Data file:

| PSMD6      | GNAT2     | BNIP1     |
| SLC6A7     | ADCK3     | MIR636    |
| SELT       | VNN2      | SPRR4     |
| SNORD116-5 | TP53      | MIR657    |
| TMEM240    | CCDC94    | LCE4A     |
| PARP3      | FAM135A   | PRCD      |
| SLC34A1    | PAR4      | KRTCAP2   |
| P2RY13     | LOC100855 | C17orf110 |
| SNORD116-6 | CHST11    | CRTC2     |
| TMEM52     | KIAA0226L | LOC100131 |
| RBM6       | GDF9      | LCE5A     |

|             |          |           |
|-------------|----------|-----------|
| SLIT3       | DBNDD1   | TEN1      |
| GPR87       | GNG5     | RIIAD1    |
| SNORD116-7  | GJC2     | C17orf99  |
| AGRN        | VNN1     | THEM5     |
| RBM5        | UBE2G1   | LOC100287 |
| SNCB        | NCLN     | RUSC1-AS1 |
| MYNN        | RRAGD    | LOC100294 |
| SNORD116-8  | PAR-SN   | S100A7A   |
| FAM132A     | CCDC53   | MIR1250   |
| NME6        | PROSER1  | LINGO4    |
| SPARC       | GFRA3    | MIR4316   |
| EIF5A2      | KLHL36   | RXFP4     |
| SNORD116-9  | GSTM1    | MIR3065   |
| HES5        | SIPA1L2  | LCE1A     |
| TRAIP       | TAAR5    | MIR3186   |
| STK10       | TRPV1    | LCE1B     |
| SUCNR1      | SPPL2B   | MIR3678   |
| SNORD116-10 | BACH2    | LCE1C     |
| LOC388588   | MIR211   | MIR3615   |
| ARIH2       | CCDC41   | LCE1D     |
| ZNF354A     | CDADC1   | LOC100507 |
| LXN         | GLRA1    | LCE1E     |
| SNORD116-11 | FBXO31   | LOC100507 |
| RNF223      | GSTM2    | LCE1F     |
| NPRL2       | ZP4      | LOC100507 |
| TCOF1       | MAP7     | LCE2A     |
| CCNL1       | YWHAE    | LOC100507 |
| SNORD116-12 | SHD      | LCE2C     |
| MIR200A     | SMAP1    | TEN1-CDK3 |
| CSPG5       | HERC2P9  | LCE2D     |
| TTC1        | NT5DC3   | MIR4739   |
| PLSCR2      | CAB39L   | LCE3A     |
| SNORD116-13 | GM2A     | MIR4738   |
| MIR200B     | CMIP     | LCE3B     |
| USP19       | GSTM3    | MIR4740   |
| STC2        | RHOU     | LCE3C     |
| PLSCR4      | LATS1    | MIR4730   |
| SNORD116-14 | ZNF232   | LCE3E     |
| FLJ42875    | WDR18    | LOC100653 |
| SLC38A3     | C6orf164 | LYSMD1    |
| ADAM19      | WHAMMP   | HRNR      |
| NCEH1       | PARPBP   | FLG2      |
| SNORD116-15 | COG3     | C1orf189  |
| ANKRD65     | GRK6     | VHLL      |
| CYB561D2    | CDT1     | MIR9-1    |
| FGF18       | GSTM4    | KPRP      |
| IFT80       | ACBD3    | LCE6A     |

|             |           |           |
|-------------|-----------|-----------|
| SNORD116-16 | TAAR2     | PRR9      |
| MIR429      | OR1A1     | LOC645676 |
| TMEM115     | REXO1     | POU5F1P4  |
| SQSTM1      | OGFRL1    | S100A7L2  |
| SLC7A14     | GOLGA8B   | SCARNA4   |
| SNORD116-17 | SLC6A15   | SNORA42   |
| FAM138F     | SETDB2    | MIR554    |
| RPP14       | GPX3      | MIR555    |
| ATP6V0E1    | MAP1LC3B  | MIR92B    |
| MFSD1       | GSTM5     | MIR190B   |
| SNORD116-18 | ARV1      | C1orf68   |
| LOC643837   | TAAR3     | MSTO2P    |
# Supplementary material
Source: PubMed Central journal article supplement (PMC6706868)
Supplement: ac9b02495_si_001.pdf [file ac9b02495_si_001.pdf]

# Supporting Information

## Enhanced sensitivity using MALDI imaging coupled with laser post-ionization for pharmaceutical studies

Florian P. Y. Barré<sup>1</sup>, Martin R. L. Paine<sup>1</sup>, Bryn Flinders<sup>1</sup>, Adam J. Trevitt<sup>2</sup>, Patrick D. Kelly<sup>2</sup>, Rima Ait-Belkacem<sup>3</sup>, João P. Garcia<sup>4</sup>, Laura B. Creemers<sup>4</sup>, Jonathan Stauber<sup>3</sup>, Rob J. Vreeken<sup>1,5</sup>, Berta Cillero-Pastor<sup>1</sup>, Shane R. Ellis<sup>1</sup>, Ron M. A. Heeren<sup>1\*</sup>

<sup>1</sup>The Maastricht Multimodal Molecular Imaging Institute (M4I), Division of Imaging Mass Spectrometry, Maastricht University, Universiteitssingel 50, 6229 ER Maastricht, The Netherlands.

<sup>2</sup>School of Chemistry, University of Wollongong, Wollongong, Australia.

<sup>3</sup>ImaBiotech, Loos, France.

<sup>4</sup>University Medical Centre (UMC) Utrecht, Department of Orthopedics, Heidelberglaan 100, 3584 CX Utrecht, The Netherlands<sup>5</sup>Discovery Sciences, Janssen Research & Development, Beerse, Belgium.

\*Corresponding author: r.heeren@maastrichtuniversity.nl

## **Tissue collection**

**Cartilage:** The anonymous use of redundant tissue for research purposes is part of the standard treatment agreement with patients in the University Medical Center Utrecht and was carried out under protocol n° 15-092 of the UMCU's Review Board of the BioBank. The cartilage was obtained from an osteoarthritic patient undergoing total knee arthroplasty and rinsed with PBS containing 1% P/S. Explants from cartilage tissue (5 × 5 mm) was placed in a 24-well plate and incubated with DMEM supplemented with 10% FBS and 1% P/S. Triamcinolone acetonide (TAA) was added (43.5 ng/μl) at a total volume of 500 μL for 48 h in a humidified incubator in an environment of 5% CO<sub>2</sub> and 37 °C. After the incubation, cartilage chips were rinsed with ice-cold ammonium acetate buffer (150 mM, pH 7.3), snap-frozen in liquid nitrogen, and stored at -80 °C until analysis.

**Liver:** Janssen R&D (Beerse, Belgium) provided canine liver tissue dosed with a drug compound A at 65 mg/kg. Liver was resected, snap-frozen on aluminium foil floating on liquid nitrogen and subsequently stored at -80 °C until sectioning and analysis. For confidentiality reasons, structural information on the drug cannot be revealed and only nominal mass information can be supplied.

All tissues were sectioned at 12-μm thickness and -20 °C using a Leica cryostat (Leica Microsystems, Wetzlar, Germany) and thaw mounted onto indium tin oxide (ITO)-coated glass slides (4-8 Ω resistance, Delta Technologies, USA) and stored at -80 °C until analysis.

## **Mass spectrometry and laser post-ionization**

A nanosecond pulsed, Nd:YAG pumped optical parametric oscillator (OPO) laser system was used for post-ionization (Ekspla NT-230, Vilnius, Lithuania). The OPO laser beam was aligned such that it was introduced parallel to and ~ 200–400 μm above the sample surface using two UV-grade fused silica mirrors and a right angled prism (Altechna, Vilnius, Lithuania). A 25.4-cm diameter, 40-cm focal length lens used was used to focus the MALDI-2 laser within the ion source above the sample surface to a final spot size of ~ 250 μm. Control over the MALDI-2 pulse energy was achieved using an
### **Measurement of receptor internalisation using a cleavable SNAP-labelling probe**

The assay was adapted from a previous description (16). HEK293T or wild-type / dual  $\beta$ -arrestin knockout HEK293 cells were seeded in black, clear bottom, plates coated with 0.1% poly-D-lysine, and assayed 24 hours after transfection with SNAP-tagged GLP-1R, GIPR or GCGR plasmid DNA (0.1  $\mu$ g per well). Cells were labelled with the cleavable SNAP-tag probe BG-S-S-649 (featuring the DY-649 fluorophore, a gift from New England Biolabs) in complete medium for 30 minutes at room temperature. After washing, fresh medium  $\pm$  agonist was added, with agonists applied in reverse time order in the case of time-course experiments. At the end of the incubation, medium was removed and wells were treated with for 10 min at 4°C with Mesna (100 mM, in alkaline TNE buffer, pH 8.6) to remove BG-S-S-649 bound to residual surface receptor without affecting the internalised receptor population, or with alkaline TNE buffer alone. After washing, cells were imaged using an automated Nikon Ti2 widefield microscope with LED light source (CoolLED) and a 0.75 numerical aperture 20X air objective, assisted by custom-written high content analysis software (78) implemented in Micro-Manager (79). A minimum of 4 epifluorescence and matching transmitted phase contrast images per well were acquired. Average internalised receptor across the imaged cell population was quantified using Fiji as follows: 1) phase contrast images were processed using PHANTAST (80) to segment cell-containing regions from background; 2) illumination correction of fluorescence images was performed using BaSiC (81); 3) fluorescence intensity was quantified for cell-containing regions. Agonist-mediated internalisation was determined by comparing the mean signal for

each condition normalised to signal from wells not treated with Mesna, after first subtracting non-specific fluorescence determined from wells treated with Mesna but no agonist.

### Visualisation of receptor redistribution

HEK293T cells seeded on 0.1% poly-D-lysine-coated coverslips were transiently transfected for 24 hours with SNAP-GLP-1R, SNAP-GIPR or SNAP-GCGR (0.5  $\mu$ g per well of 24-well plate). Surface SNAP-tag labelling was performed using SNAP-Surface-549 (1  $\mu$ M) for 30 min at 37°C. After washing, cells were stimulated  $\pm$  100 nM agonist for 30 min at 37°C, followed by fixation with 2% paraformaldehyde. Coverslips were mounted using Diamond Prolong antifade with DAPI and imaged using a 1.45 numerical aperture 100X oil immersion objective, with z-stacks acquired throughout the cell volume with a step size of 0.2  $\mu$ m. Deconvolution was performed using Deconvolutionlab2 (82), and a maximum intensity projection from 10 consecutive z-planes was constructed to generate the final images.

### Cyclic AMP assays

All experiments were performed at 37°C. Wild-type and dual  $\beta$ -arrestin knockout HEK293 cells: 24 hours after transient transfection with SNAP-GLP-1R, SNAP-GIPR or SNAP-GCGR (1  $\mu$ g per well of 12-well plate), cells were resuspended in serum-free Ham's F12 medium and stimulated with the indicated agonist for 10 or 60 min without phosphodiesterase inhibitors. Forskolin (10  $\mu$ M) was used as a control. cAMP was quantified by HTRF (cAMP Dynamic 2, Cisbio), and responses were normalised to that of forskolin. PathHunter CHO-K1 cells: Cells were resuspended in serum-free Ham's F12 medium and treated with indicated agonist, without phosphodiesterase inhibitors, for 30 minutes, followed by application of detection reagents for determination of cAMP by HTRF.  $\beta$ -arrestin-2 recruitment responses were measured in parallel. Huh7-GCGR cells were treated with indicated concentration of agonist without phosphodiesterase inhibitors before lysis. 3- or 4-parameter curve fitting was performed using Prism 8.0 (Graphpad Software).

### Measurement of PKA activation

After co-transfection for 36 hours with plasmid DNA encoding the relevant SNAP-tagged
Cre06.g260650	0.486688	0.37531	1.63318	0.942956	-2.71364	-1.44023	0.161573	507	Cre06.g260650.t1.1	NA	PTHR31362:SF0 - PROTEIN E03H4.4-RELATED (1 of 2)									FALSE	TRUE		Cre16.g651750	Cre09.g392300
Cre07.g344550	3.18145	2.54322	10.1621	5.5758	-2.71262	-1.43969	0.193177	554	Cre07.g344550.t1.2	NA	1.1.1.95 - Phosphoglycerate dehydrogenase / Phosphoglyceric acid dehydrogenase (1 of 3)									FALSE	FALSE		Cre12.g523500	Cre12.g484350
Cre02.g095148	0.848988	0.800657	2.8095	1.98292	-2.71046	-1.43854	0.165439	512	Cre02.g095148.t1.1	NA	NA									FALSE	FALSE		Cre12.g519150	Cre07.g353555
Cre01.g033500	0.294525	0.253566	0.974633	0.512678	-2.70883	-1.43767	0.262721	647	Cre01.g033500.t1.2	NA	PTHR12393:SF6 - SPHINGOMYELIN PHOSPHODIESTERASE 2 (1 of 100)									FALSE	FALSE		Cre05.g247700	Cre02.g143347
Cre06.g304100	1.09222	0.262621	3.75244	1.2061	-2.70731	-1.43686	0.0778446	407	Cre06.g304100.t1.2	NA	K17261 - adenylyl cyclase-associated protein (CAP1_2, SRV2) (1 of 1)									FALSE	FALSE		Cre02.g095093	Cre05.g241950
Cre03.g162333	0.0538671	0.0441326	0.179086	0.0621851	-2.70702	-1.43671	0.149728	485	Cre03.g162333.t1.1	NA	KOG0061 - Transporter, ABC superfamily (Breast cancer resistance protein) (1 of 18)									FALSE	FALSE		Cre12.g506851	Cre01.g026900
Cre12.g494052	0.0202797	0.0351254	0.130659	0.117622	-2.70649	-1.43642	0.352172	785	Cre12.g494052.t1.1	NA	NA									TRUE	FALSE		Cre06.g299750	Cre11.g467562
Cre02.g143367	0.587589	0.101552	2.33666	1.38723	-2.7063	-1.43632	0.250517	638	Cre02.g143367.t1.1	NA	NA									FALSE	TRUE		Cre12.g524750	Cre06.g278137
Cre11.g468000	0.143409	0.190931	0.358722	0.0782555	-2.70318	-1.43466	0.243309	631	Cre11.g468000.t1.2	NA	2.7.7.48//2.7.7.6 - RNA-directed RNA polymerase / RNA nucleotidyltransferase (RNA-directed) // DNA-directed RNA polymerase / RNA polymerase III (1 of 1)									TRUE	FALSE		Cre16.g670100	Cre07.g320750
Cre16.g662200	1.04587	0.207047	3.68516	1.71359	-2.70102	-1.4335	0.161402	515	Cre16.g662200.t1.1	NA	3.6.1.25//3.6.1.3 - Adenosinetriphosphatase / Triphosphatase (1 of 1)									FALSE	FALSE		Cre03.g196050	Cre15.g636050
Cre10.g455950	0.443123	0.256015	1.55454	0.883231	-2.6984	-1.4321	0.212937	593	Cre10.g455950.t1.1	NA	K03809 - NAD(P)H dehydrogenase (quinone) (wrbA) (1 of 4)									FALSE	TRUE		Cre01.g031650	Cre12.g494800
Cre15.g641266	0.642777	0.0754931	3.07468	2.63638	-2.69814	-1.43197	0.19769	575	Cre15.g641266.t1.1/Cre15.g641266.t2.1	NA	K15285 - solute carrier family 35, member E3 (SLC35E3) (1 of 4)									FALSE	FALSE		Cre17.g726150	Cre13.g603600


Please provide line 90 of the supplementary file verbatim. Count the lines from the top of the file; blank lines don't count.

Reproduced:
## **Mass spectrometry and laser post-ionization**